Second, you have probably already seen that, around here, we celebrate the breadth of our curriculum; our extensive general education program is perhaps the most salient feature of our liberal arts identity.
Over the years, I have spoken with plenty of students and parents in the Friday afternoon group advising meetings—which you experienced just the other day—who express disdain at having to take a particular course or engage in a particular experience.
Occasionally, parents in those meetings recall their own struggles with certain college courses while their student sinks in his or her chair; the memory of a negative academic experience still fresh.
In addition to helping you understand and appreciate the world in which we live, you will find that taking courses outside of your comfort zone will allow for plentiful opportunities for reflection, all the while allowing you to amass an impressive collection of skills that can be used in a variety of ways during and after your time here.
As you eventually declare your majors and establish yourselves in your home departments, you will start to familiarize yourselves with new ways of thinking, which could be used as testing grounds for the ways you interpret the world as a professional.
Don’t freak out, you’ve got plenty of time before you have to worry about declaring a major—in fact, you have my permission to just settle into your courses and worry about longer-term plans later, maybe even next year.
Furman can also be a profitable testing ground for you outside of the classroom—socially, personally, spiritually, vocationally.
Use your time here to deepen connections with others, to find opportunities for meaningful dialog with those who might hold different views, and to push beyond yourself.
As you cultivate that kind of thinking, a little bit of reflection can go a long way, helping you discern things about yourself that you might not have known.
There is great value in struggling with and making your own decisions.
In fact, there are even practical benefits to managing the consequences of a bad academic decision.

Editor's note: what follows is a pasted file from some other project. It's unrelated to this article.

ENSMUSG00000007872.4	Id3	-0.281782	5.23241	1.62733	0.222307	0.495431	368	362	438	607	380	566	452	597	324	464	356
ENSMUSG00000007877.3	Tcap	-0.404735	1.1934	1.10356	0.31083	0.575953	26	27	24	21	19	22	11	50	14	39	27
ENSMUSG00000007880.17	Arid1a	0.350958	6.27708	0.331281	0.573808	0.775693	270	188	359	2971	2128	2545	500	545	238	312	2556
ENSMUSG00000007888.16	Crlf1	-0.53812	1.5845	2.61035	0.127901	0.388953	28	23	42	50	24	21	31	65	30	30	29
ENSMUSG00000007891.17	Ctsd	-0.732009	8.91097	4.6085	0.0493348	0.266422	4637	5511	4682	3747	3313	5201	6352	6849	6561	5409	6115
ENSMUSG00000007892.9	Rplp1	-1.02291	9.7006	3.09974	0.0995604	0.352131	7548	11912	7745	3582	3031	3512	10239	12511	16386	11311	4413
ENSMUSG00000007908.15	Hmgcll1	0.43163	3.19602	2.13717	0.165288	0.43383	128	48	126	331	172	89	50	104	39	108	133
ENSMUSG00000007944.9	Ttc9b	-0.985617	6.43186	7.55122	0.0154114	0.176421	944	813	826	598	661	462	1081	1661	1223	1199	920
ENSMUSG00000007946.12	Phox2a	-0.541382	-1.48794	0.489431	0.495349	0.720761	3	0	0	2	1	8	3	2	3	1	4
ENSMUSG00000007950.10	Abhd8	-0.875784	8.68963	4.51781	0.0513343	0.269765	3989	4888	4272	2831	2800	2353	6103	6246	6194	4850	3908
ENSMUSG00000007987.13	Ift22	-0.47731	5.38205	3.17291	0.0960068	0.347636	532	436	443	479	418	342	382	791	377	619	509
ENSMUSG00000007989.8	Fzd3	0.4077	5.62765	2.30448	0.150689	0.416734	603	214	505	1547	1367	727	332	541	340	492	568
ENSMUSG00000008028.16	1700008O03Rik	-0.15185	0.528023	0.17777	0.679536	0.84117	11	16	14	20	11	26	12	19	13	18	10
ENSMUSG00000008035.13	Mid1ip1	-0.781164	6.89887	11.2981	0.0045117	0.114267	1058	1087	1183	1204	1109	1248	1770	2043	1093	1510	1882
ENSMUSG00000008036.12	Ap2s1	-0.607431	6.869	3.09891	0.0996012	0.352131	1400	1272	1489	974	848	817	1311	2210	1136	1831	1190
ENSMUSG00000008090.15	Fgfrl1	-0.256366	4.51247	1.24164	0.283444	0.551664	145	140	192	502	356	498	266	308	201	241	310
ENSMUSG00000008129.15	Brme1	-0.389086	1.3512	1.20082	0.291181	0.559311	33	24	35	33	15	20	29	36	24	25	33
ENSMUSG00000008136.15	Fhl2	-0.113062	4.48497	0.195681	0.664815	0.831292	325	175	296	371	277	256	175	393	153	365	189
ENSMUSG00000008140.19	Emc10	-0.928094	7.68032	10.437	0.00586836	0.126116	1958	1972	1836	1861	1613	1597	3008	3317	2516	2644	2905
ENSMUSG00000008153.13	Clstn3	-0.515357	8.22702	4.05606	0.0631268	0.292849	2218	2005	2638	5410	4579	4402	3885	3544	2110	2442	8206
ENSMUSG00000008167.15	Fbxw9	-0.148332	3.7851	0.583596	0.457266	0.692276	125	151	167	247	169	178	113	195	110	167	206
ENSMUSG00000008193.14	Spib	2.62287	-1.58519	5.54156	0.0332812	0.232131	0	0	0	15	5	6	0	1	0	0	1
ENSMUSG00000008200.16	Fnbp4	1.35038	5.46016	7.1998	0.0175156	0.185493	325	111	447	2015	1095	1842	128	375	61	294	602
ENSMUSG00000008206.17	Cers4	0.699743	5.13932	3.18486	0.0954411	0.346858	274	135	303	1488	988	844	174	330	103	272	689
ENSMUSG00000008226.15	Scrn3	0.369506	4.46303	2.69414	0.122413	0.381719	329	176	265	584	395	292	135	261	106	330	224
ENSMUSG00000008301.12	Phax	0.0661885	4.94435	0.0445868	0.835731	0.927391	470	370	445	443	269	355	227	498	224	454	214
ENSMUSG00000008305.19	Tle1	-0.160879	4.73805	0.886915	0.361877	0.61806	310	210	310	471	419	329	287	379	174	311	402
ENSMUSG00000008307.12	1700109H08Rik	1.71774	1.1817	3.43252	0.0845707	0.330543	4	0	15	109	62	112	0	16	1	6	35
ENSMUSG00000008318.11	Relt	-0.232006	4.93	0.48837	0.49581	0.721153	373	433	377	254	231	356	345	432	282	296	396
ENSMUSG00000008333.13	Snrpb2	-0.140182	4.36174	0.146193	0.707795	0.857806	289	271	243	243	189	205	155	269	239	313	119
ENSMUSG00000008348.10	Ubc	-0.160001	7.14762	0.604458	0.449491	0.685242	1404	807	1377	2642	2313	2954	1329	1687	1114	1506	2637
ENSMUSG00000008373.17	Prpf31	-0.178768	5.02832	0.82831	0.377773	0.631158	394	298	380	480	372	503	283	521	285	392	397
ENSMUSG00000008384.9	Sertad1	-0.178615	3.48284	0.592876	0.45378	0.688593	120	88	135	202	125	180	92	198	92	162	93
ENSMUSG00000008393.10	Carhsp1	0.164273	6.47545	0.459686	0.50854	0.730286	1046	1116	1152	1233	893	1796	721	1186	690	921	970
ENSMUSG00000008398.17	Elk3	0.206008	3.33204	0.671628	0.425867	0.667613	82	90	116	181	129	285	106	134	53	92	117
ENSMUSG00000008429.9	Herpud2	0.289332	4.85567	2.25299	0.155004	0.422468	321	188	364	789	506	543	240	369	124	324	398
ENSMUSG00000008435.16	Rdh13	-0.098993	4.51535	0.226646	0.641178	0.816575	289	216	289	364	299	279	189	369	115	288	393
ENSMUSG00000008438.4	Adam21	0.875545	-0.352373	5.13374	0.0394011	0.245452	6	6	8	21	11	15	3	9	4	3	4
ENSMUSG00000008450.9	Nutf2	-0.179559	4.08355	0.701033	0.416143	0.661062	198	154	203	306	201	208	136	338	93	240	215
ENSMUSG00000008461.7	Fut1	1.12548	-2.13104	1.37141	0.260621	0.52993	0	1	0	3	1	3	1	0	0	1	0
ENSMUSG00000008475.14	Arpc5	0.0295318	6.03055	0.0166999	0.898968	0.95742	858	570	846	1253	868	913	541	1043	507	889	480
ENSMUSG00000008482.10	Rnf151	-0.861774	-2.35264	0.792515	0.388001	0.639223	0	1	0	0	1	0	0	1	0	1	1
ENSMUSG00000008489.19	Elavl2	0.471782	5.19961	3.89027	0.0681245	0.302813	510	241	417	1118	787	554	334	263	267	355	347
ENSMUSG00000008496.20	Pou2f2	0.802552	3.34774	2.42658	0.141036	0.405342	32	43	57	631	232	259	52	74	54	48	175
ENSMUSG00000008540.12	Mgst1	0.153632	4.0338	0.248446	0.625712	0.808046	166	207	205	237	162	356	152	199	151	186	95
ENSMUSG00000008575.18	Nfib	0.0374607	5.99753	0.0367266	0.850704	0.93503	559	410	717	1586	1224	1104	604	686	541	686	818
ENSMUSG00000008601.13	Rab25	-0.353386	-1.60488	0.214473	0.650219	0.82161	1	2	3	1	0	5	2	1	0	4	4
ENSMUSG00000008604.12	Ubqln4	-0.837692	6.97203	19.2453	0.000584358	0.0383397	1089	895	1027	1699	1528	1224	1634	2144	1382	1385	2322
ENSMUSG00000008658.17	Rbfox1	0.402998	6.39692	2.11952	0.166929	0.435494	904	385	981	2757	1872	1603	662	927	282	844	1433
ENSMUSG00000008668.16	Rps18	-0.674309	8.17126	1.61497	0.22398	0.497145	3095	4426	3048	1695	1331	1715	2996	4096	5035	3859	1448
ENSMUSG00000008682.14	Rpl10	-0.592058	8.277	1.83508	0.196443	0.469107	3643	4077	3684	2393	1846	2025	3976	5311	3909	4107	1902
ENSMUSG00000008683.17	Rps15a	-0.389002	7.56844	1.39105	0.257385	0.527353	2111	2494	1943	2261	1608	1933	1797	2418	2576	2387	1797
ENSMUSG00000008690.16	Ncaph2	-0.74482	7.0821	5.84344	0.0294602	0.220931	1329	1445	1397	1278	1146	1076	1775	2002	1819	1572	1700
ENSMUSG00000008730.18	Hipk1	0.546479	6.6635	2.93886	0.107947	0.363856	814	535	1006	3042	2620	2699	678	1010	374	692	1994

Successful independence requires reflection, and sometimes self-advocacy, ingenuity, and, frankly, bravery—all useful tools in one’s broader personal development.
One year ago, in these very proceedings, Ken Peterson, Dean of Faculty, spoke to our first-year students and gave them incredibly practical advice on how to achieve successful outcomes here.
Most people tend to tune him out when he speaks, so I am going to repeat his instructions, as I find them particularly useful as you think broadly about how you can take an active role in shaping your own pathway.
Dean Peterson equipped the members of the class of 2021 with four strategies: to connect bravely; to explore broadly and with purpose; to reflect frequently; and, to adjust quickly.
This is sage advice, and the earlier you connect, explore, reflect, and adjust, the more rewarding your Furman experience.
I would argue, however, that without frequent reflection, your efforts to connect, explore, and adjust might not come to full flourish.
Finally, a brief word of caution.
For as long as I can remember, there has been talk around these parts about the so-called Furman Bubble, that protective, somewhat magical membrane that partitions this beautiful little campus from the outside world.
I hate the concept, really, and wish we would stop talking about it.
So why, you might ask, did I just throw it back into play in such a prominent venue as this?
Because it is easy to get accustomed to life in the bubble, and I want you to be constantly attuned to that potential trap.
We need you to take the skills and knowledge that you acquire here and fix the world.
The more separated you are from the world, the harder that is.
Do good work, struggle well, seek help when you need it.
And reflect often.
Thank you for your attention and best wishes for a fantastic year.